by: Kathy DeGagne, BFP Staff Writer
Gracia (Hannah) Nasi and Hannah Senesh lived their lives during two of the darkest periods in history for European Jewry, the Inquisition and the Holocaust, when rampant persecution ran amok and threatened the very existence of the Jewish people. Though separated by centuries, our heroines’ lives were united by more than just their first names—both women displayed an uncommon courage and gritty resolve to rescue their people at any cost.
Dona Gracia Nasi was born Beatrice de Luna in 1510 into a Portuguese Jewish family. In 1497, the family was forcibly made to convert to Catholicism. The long arm of the Spanish Inquisition had penetrated Portugal and many Jewish families were now conversos—outwardly Christian but covertly still practicing their Jewish faith. The newborn Beatrice was secretly given the Hebrew name Hannah (Hannah means grace, and Gracia is the Portuguese equivalent).
By all accounts, Gracia lived a life of intrigue and high drama, growing up to be an energetic, compassionate woman with a shrewd eye for business. Compassion and shrewdness proved to be key weapons in her struggle against injustice.
When she was eighteen, Gracia married Francisco Mendes, a wealthy converso, who had a lucrative trade in spices and silver. The year 1538 proved to be one of turmoil for the young woman when Francisco died and Gracia found herself an extremely wealthy young widow, managing half her husband’s fortune and business interests while the other half was directed by her brother-in-law, Diogo. A few years later, Diogo also died, leaving the rest of Franciso’s fortune to Gracia. She was now one of the wealthiest Jewish women in Europe and found herself associating with kings, popes and sultans.
Despite her wealth and extensive business connections, Gracia’s family still feared discovery. The Portuguese Inquisition had renewed their pursuit of conversos and the family was forced again to flee, moving to Venice and then northern Italy where Judaism was looked upon more favorably.
Within her haven, Gracia went to work, establishing a network of escape routes through Europe for hundreds of Jews trying to flee Portugal, using bribes and commercial deals to clear the way. Poet Samuel Usque called her “the heart of her people.” Those she helped simply called her “La Dona.”
Gracia employed her own trading ships as an initial means of escape for Portuguese Jews. They were transported from Lisbon to Antwerp and over the Alps to Venice. From there, the Ottoman Empire resettled the escapees in Turkey and Greece, the Turkish Muslims surprisingly sympathetic to the Jewish plight.
Eventually, Gracia also moved to Turkey. She sponsored the construction of synagogues and Jewish schools all over the Ottoman Empire, becoming one of the largest patrons in the Diaspora. At one point, she spearheaded a Jewish resistance to Ancona, a seaport in Italy, after the city arrested its Jewish citizens. Gracia sent all her trade ships to another port in boycott, but her intervention proved futile and 24 Jews were burned at the stake, including her own shipping agent.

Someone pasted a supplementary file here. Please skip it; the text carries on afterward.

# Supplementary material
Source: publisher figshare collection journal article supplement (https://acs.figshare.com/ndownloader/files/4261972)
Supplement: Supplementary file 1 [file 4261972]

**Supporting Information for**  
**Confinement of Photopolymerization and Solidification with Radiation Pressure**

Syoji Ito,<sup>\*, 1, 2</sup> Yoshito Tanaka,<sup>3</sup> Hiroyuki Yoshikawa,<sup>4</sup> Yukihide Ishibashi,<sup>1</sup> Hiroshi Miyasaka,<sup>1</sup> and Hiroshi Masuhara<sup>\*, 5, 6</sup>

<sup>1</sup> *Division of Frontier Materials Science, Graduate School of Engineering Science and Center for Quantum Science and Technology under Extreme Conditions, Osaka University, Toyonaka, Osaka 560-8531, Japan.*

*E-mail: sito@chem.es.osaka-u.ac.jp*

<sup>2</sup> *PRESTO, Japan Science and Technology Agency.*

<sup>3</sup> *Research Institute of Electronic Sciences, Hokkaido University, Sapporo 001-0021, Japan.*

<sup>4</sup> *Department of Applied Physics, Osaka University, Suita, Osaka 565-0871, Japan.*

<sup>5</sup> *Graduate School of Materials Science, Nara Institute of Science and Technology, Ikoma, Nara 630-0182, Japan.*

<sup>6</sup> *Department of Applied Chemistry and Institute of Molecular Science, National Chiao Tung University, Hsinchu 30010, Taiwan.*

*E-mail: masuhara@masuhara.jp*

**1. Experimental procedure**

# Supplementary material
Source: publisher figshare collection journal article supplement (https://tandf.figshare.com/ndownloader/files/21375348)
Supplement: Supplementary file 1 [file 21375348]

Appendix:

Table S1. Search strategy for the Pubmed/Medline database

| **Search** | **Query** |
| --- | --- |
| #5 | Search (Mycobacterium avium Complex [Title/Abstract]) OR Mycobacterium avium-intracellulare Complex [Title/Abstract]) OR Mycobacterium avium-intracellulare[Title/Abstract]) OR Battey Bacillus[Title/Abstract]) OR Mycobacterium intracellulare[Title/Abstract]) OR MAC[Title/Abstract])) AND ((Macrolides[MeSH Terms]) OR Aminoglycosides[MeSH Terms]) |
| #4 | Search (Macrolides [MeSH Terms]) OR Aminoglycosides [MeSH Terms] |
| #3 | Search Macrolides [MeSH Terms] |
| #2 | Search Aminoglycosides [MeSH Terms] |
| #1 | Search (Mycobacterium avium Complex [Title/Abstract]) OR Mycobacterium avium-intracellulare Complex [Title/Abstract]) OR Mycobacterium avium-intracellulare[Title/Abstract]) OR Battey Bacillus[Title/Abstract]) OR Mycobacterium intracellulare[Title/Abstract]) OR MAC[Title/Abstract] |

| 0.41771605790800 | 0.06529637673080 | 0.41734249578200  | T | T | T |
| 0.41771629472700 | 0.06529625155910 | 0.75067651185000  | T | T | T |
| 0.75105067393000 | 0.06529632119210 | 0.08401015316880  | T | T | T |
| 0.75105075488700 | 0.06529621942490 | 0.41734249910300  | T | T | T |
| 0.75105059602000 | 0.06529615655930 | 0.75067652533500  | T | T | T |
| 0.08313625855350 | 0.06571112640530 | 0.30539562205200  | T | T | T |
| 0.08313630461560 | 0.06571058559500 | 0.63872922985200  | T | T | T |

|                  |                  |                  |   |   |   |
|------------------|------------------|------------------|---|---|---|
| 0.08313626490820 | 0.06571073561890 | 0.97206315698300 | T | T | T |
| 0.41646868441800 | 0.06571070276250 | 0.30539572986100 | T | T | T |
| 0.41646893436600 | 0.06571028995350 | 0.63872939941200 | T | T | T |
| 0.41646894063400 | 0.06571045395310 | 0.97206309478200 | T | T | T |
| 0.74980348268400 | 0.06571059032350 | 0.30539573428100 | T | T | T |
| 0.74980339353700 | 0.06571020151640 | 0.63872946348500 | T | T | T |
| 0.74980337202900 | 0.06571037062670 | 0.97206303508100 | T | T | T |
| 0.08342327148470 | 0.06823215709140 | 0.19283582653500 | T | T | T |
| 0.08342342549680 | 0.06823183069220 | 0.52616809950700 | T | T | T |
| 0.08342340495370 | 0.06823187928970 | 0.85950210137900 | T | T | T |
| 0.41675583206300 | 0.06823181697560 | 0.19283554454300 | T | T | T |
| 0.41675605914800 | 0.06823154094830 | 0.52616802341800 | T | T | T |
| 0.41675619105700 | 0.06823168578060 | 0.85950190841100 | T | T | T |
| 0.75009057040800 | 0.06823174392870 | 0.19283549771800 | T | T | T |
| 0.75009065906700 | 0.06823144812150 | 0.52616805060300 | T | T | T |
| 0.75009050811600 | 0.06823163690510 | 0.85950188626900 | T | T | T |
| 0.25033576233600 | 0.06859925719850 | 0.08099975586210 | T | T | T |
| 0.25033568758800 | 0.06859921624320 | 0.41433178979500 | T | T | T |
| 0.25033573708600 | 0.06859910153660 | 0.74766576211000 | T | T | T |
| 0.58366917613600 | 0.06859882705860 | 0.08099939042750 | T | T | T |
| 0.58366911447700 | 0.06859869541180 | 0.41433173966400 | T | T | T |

Gracia realized there was no safe place for Jews anywhere in Europe, and she would have to establish a sanctuary in the Jewish homeland, planting the first seeds of Zionism into its soil. She chose the city of Tiberias along the Sea of Galilee, and leased large swathes of land from the Turks. The resettled Jewish community flourished.
Dona Gracia Nasi died before she could live in the mansion built for her in Tiberias, but the legacy of a lifetime dedicated to the survival of her people endured.
Four hundred years after Dona Gracia lived, another heroine emerged, this time under the shadows of the Holocaust. Her name was Hannah Senesh.
Hannah was born into a middle-class Jewish Hungarian family in 1921. As a schoolgirl, she experienced the growing specter of anti-Semitism. Despite her mother’s protests, Hannah moved to British Mandated Palestine in 1939 and learned how to farm. Her passion was writing and poetry, but she knew the land urgently needed builders, not scholars.
One day, shocking news came from Eastern Europe that people were being systematically slaughtered. Hannah wrote, “I heard a voice saying, ‘Whom shall I send?’ and I answered, ‘Send me.’” Just a few days after speaking those words, the Haganah (Jewish underground defense force) came to the kibbutz where Hannah lived. Their mission was to recruit former Hungarian citizens to parachute into Hungary and attempt a rescue mission of the remaining Jews. Hannah volunteered immediately. She wrote, “In my heart, there are two great loves. One love is my nation and my people. And my second love is my mother.” Hannah’s mother was still trapped in Budapest.
Just as the paratroopers were preparing to cross from Yugoslavia into Hungary, the Germans invaded and the border was closed. Hannah insisted that the mission proceed and she and three male comrades slipped across into Hungary. Tragically, they were arrested almost immediately. Hannah was tortured but refused to divulge any information. She was tried and convicted of treason and later executed by firing squad.
In 1950, her remains were repatriated to the new State of Israel and buried at the Mt. Herzl cemetery. Before her death, she wrote in her diary, “Despite everything…there is nothing on earth so evil that a ray of light can’t seep through.” Like Dona Gracia Nasi before her, Hannah Senesh stood as a beacon of courage and resistance for the Jewish people, becoming that ray of light she hoped would seep through the evil of her time.
Photo Credit: Patty Nelson
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